Catch Me If You Can: An In-Depth Study of CVE Discovery Time and Inconsistencies for Managing Risks in Critical Infrastructures
Richard J. Thomas, Joseph Gardiner, Tom Chothia, Awais Rashid, Emmanouil Samanis and Joshua Perrett
Submitted to the Joint Workshop on CPS & IoT Security and Privacy (CPSIoTSec)
Industrial Control Systems (ICS) are central to operation of critical national infrastructure (CNI) such as oil and gas, water treatment, power generation and transport systems. Effective risk management to mitigate large-scale disruption to societies and economies depends on both timely information about vulnerabilities and the consistency of this information. The longer the vulnerabilities remain “in the wild” or a lack of consistency in vulnerability reporting, the greater the impact on CNI operators’ ability to systematically understand and mitigate the risks. In this paper, we focus on vulnerabilities identified and reported in Siemens ICS devices, which hold the largest share of the market. We undertake an in-depth analysis of 207 CVEs, identifying the time over which vulnerabilities were ‘in the wild’ before being discovered and advisories issued, and examine issues with the correctness of CVE information. We find that, on average, a vulnerability is ‘in the wild’ for 5.3 years, and that many CVEs do not correctly reflect and state the affected devices as Common Platform Enumerations (CPEs). Based on our findings, we propose a set of guidelines to improve the reporting and consistency of ICS CVE information.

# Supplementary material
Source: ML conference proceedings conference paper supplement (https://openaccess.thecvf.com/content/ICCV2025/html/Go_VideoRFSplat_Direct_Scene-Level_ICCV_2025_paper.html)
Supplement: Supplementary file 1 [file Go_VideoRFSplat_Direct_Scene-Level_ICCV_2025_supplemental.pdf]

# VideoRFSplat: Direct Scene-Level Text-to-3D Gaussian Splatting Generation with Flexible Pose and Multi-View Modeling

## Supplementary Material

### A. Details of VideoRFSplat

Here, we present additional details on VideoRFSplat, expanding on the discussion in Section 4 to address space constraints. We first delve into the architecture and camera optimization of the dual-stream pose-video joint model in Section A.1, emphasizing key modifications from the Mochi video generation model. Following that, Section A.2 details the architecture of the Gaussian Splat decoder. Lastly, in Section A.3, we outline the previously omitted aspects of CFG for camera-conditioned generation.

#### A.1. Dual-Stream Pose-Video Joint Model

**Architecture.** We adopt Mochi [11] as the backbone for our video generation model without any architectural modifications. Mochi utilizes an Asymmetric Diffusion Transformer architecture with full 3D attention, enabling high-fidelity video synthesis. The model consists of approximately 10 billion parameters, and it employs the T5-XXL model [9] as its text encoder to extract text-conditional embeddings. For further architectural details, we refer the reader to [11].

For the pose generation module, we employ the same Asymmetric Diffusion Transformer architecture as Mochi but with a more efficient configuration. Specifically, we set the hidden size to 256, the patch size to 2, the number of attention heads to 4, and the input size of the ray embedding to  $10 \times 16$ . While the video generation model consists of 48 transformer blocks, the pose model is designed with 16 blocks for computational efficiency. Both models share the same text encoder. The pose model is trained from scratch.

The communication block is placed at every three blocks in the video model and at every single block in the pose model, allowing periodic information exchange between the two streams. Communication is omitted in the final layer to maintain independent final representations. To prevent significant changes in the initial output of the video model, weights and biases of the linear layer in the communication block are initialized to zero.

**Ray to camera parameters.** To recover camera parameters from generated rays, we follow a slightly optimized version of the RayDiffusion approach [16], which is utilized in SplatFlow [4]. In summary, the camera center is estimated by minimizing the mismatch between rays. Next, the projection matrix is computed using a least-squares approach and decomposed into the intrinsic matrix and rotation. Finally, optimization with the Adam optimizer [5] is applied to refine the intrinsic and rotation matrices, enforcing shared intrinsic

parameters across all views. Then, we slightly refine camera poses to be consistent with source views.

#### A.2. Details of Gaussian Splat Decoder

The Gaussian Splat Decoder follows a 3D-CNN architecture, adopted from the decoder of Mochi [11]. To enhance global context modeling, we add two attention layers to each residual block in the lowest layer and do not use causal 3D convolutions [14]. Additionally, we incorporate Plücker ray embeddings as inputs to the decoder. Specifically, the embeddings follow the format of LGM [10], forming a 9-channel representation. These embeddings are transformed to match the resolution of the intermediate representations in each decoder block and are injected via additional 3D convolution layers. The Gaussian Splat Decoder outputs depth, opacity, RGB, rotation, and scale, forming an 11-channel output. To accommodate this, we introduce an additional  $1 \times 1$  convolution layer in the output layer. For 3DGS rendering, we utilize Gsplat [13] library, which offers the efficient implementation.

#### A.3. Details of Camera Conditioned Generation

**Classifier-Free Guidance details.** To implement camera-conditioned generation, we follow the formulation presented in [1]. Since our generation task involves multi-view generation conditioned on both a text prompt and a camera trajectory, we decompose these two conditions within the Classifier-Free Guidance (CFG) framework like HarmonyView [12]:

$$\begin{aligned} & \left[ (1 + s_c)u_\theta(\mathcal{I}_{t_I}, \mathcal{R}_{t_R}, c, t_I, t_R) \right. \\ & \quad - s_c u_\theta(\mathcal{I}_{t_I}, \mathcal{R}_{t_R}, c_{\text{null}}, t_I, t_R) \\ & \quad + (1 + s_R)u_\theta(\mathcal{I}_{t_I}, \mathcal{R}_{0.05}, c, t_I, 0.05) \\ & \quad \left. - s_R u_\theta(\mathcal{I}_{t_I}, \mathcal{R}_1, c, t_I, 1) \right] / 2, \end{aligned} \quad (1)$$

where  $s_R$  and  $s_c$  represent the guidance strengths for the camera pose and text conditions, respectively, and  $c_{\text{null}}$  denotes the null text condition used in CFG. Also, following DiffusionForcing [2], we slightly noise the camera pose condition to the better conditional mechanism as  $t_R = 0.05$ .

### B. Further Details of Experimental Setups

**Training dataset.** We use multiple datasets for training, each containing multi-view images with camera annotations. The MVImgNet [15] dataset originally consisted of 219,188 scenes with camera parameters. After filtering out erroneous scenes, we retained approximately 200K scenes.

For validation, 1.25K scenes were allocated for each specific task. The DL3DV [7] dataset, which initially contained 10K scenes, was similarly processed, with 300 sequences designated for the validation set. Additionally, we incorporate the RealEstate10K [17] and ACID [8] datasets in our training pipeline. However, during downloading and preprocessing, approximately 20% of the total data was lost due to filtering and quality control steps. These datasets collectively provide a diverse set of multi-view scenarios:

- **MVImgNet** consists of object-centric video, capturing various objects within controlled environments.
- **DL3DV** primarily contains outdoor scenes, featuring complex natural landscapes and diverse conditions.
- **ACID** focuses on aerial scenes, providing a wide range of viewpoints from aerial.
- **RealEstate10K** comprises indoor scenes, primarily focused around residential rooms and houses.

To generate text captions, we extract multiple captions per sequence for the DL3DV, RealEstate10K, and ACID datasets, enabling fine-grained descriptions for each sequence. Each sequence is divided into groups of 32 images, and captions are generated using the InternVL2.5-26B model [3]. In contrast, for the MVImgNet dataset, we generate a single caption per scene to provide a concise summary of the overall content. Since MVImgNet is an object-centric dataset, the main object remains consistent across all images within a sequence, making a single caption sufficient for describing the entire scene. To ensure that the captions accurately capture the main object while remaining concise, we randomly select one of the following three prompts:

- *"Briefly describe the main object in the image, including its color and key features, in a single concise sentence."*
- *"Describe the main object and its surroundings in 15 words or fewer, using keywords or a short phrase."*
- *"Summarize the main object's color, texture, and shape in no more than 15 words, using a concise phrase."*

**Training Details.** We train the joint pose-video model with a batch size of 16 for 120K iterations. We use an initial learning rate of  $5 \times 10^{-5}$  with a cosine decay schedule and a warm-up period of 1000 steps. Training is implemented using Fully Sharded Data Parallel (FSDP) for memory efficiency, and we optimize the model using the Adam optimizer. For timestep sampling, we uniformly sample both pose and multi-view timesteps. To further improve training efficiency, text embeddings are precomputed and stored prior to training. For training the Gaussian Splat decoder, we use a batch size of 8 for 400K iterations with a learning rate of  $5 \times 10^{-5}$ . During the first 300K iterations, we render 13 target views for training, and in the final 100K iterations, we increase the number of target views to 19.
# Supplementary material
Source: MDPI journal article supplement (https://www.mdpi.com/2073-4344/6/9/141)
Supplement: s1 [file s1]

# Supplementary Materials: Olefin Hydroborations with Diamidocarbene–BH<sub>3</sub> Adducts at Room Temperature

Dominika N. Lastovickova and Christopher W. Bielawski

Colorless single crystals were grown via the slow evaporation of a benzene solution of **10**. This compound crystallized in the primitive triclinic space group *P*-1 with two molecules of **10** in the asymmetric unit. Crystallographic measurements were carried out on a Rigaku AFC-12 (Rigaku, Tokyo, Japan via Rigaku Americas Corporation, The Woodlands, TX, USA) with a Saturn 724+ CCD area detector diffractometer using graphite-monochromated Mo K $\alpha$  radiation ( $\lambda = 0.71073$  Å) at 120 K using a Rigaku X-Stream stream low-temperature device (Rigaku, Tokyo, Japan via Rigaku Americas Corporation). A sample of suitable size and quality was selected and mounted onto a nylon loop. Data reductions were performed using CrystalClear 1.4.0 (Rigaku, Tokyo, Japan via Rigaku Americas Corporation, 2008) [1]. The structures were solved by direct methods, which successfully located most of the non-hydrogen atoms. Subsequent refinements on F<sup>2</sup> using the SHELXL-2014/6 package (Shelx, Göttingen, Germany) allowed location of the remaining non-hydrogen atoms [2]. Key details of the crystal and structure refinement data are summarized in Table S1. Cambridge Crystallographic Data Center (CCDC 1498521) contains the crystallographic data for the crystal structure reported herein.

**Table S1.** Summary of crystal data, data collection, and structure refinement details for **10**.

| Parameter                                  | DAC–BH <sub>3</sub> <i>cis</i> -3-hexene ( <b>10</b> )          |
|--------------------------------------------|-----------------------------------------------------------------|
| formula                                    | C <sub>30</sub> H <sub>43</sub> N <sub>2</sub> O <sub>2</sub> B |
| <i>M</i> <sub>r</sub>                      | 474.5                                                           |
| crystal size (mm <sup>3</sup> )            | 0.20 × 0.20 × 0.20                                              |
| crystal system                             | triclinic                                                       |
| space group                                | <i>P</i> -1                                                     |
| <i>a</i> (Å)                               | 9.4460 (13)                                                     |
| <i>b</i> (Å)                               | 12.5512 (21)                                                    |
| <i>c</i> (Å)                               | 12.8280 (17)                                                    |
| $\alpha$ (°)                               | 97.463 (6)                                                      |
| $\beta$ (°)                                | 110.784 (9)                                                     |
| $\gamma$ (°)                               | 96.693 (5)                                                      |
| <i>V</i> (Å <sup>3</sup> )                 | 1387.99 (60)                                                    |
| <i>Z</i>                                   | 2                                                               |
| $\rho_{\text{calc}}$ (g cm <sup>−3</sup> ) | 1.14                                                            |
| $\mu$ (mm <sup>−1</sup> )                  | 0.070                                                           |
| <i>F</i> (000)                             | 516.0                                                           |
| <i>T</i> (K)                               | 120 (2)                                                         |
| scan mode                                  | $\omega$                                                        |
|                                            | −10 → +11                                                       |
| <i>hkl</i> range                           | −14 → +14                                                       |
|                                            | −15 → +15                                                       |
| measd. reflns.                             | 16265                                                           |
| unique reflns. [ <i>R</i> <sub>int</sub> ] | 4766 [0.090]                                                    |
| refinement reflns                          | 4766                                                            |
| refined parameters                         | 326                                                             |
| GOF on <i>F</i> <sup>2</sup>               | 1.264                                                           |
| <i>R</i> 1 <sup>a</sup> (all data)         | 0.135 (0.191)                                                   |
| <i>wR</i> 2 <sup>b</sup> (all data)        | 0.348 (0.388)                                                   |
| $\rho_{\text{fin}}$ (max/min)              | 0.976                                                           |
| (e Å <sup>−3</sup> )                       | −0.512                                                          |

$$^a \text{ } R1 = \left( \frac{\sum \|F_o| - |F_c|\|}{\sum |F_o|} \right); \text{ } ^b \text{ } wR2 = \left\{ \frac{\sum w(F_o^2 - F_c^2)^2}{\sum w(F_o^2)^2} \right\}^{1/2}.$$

This paper will be presented at the Joint Workshop on CPS & IoT Security and Privacy (CPSIoTSec), in conjunction with the ACM Conference on Computer and Communications Security 2020 (ACM CCS).
- Slides: cpsiot_slides.pdf.
We have published the Datasets that support this publication for the research community to use - please visit our RITICS Datasets GitHub Page.
The paper is available here.